University area: A three-unit rental property on Lancaster Street sold last year for $525,000. It’s still assessed as though it were worth half that much. That saves the out-of-town owner as much as $8,000 a year on his tax bill.
Strathmore: Onondaga County Executive Ryan McMahon sold his house on Carlton Road last year for $170,000. It remains assessed at a full value of $135,000.
Winkworth: Among recent sales on Austin Avenue, where Mayor Walsh lives, five out of five sold for more than their full-value assessment, by an average of about $26,000. (Walsh’s house is not among recent sales. He bought it in 2006 for $139,000 and it’s assessed at a full market value of $160,000.)
Sedgwick: A single-family home at 7 Brattle Road sold for $675,000 in 2017. The city still values the property at $378,205, nearly $300,000 less than the purchase price.
East Side: Allen Street, which features large Victorian homes, recorded 12 sales since 2016. In each case, the sales price exceeded assessed value, by an average of more than $40,000. One house sold for $240,000 but is valued by the city at $128,000.
Higher priced homes in Syracuse are often under-assessed.
Tiptoeing toward equity
Syracuse assessors often take it easy on homeowners who are in line for big assessment hikes. Clifford said his informal policy is to limit most increases to 20 percent or less.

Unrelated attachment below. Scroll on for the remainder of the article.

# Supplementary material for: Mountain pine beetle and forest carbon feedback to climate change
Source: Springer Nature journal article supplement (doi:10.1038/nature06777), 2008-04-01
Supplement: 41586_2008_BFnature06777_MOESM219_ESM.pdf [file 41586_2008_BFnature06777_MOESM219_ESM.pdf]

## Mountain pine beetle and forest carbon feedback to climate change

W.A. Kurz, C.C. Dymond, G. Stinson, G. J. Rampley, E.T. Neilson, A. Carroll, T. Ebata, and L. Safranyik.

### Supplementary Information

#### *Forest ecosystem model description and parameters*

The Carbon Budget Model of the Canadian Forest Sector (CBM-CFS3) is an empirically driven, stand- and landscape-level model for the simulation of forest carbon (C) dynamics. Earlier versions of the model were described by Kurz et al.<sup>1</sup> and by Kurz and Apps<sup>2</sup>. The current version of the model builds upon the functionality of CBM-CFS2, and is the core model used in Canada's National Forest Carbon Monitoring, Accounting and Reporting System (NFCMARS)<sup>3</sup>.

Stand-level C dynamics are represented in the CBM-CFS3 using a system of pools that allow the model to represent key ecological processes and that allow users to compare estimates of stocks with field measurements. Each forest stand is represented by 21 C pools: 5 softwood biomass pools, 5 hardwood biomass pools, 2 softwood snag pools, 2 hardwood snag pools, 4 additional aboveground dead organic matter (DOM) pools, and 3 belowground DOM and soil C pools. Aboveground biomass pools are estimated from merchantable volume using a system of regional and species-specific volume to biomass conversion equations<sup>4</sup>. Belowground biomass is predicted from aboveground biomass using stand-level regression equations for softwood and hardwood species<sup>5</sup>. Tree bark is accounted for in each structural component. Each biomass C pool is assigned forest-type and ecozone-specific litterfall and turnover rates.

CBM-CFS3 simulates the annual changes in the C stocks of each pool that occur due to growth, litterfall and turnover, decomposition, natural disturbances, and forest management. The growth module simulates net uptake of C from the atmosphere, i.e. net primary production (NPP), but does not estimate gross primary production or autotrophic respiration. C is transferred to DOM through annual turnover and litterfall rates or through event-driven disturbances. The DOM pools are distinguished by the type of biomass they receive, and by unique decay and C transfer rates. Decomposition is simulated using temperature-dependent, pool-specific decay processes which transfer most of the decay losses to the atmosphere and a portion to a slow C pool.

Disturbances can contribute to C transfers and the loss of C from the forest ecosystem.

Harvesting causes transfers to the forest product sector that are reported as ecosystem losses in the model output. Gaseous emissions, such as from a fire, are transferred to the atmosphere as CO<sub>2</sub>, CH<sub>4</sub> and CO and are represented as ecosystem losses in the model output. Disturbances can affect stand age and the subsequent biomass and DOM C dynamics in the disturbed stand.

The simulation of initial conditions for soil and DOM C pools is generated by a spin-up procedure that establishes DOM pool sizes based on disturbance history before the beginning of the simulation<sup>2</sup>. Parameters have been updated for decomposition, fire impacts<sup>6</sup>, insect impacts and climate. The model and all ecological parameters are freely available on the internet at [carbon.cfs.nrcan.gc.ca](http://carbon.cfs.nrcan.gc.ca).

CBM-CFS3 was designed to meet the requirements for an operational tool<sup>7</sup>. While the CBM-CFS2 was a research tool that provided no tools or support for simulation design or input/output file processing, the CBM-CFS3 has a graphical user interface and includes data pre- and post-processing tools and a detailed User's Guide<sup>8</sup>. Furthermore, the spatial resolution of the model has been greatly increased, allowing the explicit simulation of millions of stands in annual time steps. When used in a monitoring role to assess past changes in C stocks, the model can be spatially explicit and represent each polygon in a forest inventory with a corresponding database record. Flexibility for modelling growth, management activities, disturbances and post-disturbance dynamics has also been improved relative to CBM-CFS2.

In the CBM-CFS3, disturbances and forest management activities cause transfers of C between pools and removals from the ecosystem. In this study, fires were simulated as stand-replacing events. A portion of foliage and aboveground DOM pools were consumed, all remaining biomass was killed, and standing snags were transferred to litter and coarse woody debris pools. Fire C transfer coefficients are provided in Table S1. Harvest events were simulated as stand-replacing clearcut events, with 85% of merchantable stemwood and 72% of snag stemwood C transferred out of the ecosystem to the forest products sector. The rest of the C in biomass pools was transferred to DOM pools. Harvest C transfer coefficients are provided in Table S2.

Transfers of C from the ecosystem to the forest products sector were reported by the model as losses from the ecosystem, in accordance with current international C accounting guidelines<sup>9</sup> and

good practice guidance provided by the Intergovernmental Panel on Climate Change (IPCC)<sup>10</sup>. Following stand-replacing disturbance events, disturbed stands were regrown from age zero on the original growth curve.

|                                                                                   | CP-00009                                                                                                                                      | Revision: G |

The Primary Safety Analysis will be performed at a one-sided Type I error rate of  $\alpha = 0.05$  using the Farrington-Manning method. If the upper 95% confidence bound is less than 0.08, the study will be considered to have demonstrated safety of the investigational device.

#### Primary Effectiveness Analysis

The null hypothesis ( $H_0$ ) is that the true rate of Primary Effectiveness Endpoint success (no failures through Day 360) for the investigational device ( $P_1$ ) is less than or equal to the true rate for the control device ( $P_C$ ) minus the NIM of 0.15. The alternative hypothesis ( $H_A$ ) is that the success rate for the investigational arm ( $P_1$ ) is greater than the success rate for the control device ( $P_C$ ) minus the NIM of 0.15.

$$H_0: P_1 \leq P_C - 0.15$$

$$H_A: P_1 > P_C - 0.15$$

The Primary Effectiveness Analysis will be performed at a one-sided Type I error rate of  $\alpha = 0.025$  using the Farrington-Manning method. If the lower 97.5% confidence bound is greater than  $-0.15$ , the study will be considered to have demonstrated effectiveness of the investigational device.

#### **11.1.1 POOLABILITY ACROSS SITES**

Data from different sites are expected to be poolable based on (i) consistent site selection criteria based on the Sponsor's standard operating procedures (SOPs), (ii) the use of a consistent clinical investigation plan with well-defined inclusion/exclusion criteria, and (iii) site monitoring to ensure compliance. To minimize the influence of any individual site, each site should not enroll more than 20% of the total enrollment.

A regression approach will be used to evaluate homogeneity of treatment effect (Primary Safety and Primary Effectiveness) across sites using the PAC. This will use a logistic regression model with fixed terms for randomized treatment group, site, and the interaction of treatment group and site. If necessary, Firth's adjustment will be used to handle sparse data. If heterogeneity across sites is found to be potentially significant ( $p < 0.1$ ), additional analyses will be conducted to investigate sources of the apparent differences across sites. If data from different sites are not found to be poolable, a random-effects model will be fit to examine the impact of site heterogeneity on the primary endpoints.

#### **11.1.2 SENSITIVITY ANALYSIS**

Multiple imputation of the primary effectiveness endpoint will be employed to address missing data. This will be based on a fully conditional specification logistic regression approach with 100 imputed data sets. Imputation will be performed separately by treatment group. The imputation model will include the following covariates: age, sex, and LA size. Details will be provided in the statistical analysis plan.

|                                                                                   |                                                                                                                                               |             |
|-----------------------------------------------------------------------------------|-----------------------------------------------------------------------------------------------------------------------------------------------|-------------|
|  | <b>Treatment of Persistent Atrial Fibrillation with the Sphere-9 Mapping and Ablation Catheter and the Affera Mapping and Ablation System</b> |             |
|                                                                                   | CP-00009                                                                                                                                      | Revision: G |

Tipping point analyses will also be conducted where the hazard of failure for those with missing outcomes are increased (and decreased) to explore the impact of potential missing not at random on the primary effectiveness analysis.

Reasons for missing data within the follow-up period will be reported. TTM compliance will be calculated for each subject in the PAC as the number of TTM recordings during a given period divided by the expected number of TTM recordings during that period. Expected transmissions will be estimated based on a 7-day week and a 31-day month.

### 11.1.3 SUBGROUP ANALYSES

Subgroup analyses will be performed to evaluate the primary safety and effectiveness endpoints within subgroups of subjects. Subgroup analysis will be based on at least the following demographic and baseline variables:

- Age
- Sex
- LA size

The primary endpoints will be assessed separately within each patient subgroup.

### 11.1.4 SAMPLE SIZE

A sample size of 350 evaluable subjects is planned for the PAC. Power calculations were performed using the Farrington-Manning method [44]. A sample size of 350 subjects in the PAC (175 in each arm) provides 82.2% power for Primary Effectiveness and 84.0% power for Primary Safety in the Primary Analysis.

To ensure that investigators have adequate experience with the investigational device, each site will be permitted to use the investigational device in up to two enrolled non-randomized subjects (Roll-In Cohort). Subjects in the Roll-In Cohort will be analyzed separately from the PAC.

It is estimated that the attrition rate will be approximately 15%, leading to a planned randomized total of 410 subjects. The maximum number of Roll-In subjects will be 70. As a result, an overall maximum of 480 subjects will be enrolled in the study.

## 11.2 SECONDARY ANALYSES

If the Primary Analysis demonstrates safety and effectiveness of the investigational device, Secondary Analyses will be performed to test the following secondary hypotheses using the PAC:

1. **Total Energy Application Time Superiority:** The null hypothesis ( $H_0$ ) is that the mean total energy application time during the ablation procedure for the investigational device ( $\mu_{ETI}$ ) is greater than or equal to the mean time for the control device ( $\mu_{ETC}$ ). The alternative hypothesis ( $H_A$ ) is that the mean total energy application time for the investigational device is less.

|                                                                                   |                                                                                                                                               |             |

“We don’t like to double somebody’s assessment in one year just because market values have gone up in their neighborhood,’’ Clifford said. “That’s not really a very fair way to do it. We’ll increase it some, and then look at it again in a few years.”
That approach appears to ignore state law, which requires all properties to be “uniformly” assessed based on current value. The law says nothing about phasing in assessment hikes. But Clifford said it would be unfair to sharply hike assessments unless all homes are subjected to revaluation.
The city’s informal policy is another sign that reassessments should not be delayed: The longer city assessors wait to revalue homes, the more likely some properties will need shocking assessment hikes to get back in line with market prices.
When assessments are uneven, the best solution is to reappraise every property at 100 percent of market value, according to state tax officials and other experts. Walsh’s administration is considering that option. It’s expensive.
A citywide revaluation would cost an estimated $2 million, plus extra money each year afterward to keep assessments current, Clifford said. But it would improve the accuracy and fairness of taxes.
Revaluations are often politically unpopular, especially among people who are likely to face assessment increases. The previous two mayors, Stephanie Miner and Matt Driscoll, also considered revaluation but ultimately decided against it, Clifford said.
“Selling it might be difficult,’’ he said.